The theory is quite simple, but of course it takes some care to implement correctly.

You can choose any 16 bits anywhere in the message (including two bytes at the end or 16 individual bits scattered wherever you like) to be undefined. Call them *xi* for *i = 0..15*. Then use a bit-by-bit CRC algorithm to process the message, but generate and update the coefficients of 16 linear equations in *xi*, representing the 16 bits of the crc.

You then have a simple matrix equation *Ax + b = c*. The operations for *Ax + b = c* are not the usual multiplication and addition, but rather single-bit *and* and *exclusive-or* operations.

Now you use the usual methods to invert the matrix *A*, which is actually easier with *and* and *xor* (addition and subtraction are now both the same thing, just exclusive-or), compute *b ^ c* and multiply that by the inverse. Now you have the values to put in the *xi* bits to get the desired crc.

An additional simplification is that you don't need the actual message, just the length and the location of the *xi*, and then do the above with all the other bits of the message set to zero. This is because if you have two messages *P* and *Q* of the same length, then *crc(P) ^ crc(Q) = crc(P ^ Q)*. (This applies for the core crc algorithm, ignoring pre and post-processing of the crc.)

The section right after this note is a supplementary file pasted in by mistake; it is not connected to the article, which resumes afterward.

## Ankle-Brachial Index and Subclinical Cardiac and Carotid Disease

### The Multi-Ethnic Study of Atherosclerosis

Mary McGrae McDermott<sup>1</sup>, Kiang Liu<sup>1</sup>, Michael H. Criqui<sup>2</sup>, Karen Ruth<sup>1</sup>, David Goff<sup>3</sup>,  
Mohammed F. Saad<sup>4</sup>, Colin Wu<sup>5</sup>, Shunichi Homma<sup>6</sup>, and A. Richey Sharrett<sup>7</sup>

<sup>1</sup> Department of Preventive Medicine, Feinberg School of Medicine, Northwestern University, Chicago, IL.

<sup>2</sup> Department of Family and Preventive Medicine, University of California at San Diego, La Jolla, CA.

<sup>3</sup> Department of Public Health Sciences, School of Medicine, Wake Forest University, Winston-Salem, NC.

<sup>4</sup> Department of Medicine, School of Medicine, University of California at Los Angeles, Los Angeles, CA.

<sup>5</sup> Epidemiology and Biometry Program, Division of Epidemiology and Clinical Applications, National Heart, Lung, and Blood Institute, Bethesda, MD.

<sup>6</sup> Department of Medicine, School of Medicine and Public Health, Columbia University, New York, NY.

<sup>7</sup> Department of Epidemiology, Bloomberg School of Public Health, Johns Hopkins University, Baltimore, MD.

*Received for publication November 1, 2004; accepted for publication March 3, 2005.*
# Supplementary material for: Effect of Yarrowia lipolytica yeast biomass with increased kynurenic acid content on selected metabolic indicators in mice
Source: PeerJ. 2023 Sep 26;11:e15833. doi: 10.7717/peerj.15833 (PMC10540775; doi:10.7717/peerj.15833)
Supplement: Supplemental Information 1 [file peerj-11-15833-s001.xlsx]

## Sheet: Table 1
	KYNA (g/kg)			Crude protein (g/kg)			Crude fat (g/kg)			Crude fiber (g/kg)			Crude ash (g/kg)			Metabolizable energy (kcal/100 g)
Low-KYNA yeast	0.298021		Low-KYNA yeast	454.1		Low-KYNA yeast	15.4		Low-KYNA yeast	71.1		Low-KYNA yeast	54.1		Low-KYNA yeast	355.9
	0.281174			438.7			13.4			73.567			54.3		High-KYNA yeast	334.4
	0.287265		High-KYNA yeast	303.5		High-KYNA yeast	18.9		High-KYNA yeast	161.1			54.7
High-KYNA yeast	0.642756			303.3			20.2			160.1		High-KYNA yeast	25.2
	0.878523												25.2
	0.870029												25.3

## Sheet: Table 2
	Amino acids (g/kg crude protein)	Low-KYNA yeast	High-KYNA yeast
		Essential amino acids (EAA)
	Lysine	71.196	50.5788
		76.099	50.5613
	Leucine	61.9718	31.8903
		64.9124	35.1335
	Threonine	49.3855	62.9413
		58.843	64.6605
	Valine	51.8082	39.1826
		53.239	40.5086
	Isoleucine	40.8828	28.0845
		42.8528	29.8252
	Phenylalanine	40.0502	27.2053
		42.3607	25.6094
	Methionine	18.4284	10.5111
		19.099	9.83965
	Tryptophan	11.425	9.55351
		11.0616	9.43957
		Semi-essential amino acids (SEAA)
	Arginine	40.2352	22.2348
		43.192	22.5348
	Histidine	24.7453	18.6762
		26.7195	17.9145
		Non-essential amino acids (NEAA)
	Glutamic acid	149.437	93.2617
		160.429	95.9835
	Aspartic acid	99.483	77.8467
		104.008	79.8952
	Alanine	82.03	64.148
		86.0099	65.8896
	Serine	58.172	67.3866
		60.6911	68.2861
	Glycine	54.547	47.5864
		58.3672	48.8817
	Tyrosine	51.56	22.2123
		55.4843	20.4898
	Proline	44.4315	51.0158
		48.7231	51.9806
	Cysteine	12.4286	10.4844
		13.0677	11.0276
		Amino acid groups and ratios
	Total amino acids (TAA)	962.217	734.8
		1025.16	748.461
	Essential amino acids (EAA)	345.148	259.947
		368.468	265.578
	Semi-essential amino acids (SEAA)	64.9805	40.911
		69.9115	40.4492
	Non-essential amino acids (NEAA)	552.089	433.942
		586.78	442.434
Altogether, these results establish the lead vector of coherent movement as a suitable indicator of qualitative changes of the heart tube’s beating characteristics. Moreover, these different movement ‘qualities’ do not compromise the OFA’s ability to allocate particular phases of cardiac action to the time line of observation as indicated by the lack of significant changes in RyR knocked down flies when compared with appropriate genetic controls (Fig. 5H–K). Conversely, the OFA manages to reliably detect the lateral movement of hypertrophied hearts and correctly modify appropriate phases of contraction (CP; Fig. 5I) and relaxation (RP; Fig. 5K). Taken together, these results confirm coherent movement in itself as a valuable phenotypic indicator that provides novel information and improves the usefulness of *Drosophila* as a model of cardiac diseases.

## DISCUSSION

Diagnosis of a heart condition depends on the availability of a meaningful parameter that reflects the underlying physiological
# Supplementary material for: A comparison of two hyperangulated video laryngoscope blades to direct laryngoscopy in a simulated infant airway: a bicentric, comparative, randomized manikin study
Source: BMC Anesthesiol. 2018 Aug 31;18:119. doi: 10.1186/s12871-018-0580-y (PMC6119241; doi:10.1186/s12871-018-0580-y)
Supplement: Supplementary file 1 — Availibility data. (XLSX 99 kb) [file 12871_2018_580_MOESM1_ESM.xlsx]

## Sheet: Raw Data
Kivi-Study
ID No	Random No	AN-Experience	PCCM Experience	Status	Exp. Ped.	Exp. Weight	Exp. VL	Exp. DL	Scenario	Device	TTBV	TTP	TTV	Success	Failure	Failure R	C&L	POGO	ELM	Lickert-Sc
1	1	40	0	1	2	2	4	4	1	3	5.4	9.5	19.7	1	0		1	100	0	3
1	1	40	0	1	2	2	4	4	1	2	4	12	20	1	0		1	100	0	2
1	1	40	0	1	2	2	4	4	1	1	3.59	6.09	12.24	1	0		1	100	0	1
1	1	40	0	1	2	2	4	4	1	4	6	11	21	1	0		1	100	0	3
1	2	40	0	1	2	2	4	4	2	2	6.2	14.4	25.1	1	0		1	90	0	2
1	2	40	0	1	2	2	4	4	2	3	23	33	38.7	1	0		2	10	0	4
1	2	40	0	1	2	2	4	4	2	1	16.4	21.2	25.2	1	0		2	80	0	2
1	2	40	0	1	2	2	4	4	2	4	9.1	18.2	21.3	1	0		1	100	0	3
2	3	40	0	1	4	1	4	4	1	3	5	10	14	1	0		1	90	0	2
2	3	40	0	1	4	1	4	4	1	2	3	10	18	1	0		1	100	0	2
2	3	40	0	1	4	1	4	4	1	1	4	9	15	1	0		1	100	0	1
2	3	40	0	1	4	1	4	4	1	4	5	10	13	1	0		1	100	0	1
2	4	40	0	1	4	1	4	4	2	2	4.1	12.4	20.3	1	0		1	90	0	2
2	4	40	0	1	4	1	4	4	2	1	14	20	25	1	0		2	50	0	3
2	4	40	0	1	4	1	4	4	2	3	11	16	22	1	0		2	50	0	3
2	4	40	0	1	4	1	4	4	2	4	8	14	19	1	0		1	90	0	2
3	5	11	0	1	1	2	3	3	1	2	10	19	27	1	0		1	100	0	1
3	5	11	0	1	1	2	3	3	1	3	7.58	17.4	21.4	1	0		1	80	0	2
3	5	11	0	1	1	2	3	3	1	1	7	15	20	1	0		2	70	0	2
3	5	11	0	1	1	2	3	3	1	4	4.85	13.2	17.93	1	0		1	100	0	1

**Update:**

You can download spoof.c, which solves the problem of modifying a message to produce a particular CRC.

`The presented methods offer a very easy and efficient way to modify your data so that it will compute to a CRC you want or at least know in advance. This is not a very difficult task, as CRC is not a cryptographical hash algorithm [...] So you should never consider the CRC as some kind of message authentication code [...] – it can easily be forged.`

– Alexey Frunze Jul 25 '12 at 15:31